Despite the inoperable light beacon, Union Forces captured the island in November 1861 and established a Union gunboat base. These boats successfully blockaded the entrance to Tampa Bay and shelled buildings of military importance, around the bay. At one point they even invaded and briefly occupied Tampa. Before the war ended, with the surrender of General Robert E. Lee in 1865, thousands of run-away slaves, Union sympathizers, and Confederate prisoners were held captive on the small isolated island.

As the war subsided, new lighthouse keepers were hired to live on the island. They were responsible for day to day operations involving general house keeping, lens cleaning, and wick trimming.

When the U.S. Lighthouse Service established a sea buoy depot and coal shed in 1872; the small history filled island finally seemed destined to some normality, but not for long.egmont battery

In 1898, irresolvable differences over the liberation of Cuba loomed on the horizon, between the United States and Spain. The Spanish-American War seemed inevitable and apprehension ran high for the citizens of Tampa. Concerned over a Spanish fleet invasion, they demanded the government intervene and establish some kind of security guarding the entrance to Tampa Bay. In 1906 an Army Fort was completed for an invasion that never came to pass. Never the less, the mighty fort, named in honor of Army Major Francis Dade stood ready to guard Tampa Bay.

Fort Dade soon became a sprawling island town. Complete with post office, Movie Theater, electric lights, telephone service, sewers, icehouse, and hospital; it even had an elementary school. Nearing the 20th century, a fort that proudly served even during the World Wars was finally decommissioned in 1923. Now the once proud fortress succumbs to years of abandonment and pounding surf. Much of the original fort and buildings located 250 yards inland are literally crumbling into the sea.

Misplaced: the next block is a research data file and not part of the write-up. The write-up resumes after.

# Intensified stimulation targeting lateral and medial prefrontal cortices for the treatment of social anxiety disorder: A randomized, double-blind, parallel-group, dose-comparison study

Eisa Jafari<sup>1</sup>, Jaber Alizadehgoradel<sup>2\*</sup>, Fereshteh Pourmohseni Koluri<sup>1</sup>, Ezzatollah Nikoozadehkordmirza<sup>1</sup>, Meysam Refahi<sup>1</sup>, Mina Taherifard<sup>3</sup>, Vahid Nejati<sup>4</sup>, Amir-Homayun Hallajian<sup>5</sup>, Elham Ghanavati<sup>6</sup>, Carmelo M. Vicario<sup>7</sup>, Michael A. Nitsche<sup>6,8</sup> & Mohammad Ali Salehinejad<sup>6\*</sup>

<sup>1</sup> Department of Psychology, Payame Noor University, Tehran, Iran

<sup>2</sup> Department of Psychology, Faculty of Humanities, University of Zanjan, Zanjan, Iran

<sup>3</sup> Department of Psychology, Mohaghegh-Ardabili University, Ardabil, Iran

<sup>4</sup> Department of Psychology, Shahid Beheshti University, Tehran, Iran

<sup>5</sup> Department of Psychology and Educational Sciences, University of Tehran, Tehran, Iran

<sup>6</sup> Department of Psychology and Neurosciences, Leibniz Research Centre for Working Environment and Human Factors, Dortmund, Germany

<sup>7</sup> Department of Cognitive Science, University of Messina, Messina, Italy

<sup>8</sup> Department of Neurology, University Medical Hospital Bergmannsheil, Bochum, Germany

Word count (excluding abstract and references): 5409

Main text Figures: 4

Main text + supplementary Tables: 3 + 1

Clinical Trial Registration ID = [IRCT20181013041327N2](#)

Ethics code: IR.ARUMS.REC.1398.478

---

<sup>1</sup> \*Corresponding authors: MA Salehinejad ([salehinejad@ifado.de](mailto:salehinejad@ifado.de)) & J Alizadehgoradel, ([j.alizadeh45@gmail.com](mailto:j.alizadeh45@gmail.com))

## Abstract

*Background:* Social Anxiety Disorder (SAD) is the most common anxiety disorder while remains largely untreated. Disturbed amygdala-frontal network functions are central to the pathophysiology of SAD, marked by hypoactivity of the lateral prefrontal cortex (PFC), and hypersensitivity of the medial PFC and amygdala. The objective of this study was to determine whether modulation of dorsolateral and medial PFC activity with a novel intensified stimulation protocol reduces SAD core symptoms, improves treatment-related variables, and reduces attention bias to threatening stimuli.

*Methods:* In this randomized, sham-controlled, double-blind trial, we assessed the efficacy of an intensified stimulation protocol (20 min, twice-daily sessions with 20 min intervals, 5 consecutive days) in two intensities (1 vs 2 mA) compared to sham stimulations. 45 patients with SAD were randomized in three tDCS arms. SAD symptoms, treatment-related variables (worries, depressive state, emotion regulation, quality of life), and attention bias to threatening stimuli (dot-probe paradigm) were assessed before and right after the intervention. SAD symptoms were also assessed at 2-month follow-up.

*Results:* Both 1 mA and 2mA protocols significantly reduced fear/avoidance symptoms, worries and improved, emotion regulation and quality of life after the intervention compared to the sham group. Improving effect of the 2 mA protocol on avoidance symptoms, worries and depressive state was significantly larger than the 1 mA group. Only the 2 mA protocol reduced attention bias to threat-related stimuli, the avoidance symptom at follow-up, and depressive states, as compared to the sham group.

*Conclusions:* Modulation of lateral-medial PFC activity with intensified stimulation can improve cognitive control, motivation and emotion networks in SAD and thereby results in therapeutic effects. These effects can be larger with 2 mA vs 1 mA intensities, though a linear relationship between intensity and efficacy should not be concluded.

In 1939 lighthouse operations was transferred to and are now maintained by the U.S. Coast Guard. In the 1940’s the lighthouse was modernized by adding two 200,000 candle power airport beacons visible to 28 miles offshore. When the original beacon was removed; to accommodate the modern lights the tower was shortened to 85 feet.

The Tampa Bay Pilots Association was founded in 1886, to help guide merchant ships into Tampa. Today, their presence on Egmont Key is a living statement to Tampa’s maritime history.

Egmont Key State Park and National Wildlife Refuge – was established in 1974 and protects a diverse community of animals and plants, many of which are either threatened or endangered. This island refuge was once the site of the former United States Army Fort Dade Military Reservation, and abundant reminders of this unique military past can be found scattered throughout the island today. Silent gun batteries testify to a time when mighty battleships reigned supreme on the world’s oceans. Anyone with interest in Tampa history or ghost towns should visit Egmont Key State Park that’s open 365 days from 8 AM until sundown.

Captain Woody Gore is an outdoor writer, photojournalist, and speaker. He also guides fishing charters in the Tampa, Clearwater, St. Petersburg, Tarpon Springs, Bradenton, and Sarasota areas. Fishing these areas for over fifty years he offers memorable fishing adventures. Capt Woody’s website is located at: WWW.CAPTAINWOODYGORE.COM or give him a call at 813-477-3814

This article is owned by Capt. Woody Gore and is copyright protected. Permission to republish this article in print or online must be granted by Capt. Gore. wgore@ix.netcom.com